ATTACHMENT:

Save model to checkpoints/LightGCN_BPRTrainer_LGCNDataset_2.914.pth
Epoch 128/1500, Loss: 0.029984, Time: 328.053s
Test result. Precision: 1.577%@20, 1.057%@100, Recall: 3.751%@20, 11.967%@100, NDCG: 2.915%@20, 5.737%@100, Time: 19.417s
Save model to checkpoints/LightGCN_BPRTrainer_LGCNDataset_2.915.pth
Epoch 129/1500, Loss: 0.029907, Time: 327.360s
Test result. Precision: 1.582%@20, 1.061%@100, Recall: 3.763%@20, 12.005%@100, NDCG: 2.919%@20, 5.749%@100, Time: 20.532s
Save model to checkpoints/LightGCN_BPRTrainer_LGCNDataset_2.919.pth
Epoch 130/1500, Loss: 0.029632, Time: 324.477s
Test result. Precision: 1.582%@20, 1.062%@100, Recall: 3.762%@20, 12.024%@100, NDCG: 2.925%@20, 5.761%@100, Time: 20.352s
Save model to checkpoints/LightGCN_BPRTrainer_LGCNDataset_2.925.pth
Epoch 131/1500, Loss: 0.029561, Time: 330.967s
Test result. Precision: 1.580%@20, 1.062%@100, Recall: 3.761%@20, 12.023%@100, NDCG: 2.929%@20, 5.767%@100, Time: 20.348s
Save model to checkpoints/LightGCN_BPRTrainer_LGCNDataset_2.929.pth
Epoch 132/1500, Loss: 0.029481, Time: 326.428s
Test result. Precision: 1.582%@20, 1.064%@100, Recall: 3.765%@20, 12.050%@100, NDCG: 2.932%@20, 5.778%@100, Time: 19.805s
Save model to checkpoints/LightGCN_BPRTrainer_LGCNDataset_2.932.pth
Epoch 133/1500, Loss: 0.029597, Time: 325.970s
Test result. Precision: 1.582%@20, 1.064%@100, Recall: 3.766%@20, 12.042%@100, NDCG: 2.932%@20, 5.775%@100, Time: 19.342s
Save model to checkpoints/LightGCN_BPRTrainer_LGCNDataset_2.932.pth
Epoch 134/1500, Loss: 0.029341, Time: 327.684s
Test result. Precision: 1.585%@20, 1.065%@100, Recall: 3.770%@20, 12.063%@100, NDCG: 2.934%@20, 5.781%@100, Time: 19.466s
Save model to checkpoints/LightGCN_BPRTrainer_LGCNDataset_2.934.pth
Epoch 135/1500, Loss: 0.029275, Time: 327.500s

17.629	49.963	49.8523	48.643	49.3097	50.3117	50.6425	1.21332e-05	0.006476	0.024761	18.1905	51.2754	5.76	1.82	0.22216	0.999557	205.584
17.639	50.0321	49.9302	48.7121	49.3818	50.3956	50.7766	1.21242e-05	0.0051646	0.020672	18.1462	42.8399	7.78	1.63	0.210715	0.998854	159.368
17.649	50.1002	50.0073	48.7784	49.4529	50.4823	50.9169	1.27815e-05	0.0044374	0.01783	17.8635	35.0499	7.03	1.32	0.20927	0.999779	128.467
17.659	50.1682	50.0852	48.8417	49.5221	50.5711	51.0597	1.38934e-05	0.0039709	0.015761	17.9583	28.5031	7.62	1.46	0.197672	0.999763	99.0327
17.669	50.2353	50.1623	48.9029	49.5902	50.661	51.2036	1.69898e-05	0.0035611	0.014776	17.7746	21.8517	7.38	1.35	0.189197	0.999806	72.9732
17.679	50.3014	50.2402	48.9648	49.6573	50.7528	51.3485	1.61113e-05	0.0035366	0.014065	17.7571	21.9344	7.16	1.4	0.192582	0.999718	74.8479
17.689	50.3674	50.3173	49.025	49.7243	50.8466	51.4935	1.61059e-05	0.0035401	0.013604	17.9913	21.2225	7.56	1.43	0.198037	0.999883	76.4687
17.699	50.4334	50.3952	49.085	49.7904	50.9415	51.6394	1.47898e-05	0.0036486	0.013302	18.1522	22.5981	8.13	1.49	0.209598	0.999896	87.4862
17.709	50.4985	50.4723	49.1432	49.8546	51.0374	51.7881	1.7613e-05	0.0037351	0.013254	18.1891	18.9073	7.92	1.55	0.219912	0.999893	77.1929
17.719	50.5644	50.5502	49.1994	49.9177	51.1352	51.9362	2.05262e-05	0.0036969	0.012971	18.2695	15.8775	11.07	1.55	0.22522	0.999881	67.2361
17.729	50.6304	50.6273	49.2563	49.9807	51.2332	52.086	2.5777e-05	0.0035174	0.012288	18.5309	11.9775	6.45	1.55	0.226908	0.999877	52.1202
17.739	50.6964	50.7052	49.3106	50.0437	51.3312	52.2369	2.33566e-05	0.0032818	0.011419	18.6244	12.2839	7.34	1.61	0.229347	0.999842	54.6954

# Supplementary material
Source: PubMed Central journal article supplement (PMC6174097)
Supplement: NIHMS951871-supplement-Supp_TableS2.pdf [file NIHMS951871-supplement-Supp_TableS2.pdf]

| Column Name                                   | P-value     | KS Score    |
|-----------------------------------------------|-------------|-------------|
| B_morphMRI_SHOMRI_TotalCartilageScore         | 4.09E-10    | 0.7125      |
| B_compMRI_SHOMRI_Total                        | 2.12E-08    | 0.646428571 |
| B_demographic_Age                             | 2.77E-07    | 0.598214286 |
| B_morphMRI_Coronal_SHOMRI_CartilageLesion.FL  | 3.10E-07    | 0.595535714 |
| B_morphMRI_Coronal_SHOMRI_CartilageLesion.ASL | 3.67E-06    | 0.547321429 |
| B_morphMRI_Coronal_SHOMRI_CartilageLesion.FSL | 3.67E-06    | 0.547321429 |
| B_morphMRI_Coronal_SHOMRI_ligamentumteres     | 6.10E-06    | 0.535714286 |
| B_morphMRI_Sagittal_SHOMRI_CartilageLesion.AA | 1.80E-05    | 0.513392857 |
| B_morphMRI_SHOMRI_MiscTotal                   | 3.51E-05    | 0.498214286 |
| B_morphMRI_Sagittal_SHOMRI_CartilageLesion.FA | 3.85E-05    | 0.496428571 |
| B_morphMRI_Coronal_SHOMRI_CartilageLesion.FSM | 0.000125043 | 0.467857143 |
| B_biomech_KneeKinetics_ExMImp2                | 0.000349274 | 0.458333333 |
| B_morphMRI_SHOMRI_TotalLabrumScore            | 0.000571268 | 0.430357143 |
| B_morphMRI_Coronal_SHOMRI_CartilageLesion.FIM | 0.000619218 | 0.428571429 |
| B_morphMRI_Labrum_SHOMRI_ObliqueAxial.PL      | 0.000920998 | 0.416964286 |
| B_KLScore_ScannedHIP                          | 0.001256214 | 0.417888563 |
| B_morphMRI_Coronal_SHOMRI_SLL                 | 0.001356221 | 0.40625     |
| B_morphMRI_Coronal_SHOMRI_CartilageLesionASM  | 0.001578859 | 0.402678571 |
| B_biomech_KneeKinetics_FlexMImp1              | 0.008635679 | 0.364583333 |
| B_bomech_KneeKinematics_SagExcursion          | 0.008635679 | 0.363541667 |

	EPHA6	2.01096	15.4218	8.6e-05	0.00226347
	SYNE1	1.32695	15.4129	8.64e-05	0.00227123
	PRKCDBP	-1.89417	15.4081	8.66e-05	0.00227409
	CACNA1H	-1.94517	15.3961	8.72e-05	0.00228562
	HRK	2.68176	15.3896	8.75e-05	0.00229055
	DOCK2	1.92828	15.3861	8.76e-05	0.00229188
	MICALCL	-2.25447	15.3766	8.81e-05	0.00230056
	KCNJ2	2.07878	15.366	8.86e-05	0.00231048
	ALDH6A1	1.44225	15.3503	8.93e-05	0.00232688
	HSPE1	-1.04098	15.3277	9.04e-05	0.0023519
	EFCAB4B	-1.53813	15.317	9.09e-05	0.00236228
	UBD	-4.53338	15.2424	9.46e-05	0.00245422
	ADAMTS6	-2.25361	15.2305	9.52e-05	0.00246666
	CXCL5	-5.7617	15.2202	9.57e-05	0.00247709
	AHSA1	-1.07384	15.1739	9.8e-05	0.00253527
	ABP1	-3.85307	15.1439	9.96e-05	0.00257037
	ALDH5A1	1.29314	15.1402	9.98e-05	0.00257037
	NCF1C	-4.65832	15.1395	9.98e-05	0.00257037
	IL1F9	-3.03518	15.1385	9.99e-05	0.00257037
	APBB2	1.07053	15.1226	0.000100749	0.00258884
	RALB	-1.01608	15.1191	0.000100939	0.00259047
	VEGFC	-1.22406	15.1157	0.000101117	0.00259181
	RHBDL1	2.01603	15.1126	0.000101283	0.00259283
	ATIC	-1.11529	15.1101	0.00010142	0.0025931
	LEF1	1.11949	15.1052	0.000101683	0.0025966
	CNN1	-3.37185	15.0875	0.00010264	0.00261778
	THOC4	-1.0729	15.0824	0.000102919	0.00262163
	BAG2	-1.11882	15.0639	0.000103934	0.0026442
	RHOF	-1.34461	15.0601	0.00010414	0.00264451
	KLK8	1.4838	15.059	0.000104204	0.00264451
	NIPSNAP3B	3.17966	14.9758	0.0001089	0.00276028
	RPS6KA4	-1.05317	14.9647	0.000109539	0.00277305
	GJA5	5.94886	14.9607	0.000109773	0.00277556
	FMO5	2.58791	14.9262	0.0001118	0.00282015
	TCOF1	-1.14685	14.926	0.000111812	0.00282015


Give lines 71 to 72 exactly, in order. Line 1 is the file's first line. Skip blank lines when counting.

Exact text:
	EFCAB4B	-1.53813	15.317	9.09e-05	0.00236228
	UBD	-4.53338	15.2424	9.46e-05	0.00245422